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STAND PAT OR MOVE AHEAD, STATE OFFICIAL URGES

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A state water official says it's time to quit studying whether another reservoir should be built along the Utah stretch of the Bear River and either stand pat or move ahead with it.

"What are your interests? Should we build a project?" Dennis Strong, assistant director of the Division of Water Resources, asked the Cache County Water Advisory Board earlier this month."If no one needs this water for 20 years, we can take what we've got, put it on a shelf, turn a light on and keep it warm," he said.

Strong handed out copies of a sample contract that would give Cache County residents, municipalities and canal companies access to Bear River water.

Under a 1991 law passed by the Utah Legislature, the state authorized development of 220,000 acre-feet of Bear River water - 50,000 acre-feet each for the Salt Lake and Weber water conservancy districts and 60,000 each for Box Elder and Cache counties.

A possible dam and 150,000 acre-foot reservoir at Honeyville, in Box Elder County, would be the first project.

"That's our least-cost alternative," Strong said. "A lot of people in Box Elder County are mad as h--- at the Honeyville Dam, and we haven't said we're going to build a dam there."

But if that is the best place, and there is enough demand, objections from Box Elder residents wouldn't be enough to kill a Honeyville dam, Strong said.

To develop that water, 70 percent of it would have to be subscribed to before construction could start. Strong expects the Weber and Salt Lake water conservancy districts would snap up their shares immediately in anticipation of more residential and industrial growth.

Trenton resident Jerry Simmons of the Bear River Water Users Association, a collection of canal companies that irrigate with river water, said the association would be willing to sign up for water. But those subscriptions hinge on whether the Utah water engineer decides well water sucked up in Cache County still has an effect on the level of the Bear River.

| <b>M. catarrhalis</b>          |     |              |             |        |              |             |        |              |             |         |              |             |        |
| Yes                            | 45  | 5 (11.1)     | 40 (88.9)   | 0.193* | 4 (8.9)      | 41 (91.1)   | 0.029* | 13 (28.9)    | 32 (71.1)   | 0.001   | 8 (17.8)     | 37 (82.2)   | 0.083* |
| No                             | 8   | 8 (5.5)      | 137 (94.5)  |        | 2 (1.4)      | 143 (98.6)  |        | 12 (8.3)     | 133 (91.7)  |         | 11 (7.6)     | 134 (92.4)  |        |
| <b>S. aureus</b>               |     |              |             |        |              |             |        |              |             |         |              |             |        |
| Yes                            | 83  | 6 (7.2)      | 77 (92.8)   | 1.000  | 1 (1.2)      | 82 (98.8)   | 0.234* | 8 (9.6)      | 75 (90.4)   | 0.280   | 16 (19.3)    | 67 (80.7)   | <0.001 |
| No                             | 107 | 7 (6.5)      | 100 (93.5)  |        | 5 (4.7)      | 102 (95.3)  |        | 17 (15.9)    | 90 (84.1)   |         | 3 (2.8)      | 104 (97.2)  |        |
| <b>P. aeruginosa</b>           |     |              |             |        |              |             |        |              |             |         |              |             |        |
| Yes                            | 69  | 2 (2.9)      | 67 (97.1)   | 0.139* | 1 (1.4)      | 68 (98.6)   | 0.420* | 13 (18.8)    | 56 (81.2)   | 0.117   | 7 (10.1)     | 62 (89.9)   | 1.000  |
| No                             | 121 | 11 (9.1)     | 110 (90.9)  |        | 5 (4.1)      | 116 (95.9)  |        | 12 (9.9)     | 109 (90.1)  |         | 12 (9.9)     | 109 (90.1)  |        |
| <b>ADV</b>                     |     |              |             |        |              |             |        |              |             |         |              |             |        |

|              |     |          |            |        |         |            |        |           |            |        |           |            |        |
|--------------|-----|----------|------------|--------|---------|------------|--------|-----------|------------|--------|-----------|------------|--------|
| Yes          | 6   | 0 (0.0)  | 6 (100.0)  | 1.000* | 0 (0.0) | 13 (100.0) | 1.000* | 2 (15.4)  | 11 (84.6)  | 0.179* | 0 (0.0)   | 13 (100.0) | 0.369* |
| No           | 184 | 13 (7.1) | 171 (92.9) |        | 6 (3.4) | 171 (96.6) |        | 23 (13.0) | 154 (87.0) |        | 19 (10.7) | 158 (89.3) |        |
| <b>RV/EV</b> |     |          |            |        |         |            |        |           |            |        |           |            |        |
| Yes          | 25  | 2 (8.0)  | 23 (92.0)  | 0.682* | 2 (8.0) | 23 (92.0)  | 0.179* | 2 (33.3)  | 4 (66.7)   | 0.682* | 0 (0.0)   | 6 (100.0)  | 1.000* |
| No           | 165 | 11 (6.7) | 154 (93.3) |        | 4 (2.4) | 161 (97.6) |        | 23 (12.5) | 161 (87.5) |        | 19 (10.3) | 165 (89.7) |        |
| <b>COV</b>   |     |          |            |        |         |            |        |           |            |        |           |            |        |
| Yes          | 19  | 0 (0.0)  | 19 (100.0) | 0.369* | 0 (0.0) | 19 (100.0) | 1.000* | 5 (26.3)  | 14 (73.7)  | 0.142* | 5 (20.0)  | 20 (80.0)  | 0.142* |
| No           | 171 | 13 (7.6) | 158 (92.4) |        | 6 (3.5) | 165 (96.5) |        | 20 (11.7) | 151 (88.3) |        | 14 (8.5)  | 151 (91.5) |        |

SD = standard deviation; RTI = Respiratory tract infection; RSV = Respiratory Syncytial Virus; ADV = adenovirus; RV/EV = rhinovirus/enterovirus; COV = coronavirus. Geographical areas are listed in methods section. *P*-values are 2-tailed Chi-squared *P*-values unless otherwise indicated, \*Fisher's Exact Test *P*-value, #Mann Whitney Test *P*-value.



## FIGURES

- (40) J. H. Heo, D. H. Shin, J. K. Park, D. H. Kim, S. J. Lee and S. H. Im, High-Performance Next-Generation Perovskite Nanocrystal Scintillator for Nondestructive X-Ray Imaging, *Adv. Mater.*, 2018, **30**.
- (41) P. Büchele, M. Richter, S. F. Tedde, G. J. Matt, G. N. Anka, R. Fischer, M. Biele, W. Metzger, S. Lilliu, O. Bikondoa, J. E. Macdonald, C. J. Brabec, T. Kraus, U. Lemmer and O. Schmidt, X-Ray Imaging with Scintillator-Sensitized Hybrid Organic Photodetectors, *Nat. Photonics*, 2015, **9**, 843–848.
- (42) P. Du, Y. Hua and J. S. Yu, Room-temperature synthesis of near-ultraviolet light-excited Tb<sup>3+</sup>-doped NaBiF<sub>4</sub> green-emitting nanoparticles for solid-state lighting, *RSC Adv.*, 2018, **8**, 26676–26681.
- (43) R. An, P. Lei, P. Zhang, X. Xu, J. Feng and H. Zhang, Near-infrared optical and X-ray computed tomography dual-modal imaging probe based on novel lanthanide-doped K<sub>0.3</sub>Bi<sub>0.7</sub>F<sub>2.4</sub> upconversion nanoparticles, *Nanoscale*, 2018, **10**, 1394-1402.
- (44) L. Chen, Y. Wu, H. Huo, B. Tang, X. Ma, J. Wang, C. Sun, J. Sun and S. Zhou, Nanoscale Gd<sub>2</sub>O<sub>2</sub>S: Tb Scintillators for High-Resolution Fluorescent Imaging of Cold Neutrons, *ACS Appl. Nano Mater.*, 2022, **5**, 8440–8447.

If so, then that stored water would be needed as "replacement" water for the canal companies, which own the oldest rights on the river.

If the Box Elder Water Conservancy District and enough Cache County water users are interested, Strong said, that could change the project from one that merely diverts the Bear River into freshwater Willard Bay, to one that stores water for canal companies, farmers and towns in the northern two counties.

"The bigger conservancy districts need a lot of water, and they need it faster than you," Strong said. Weber and Salt Lake water districts are building a huge, membrane-filter treatment plant for Bear River water.

The proposed state-managed project would sell subscriptions to water rather than water rights. Unlike many other water-storage projects, any Bear River water would still be state-owned.

Among the proposed 50-year contract requirements:

- Users who buy into the first project buy into all future projects. This would prevent the Wasatch Front from getting what it wants and then ignoring the later needs of the two northern counties. However, this also commits northern Utah users to pay higher rates when additional projects are built.

- Water will be paid for whether it is used or not. Getting the stored Bear River water to where the user wants it is the user's responsibility.

- Users will not be allowed to make a profit selling Bear River water.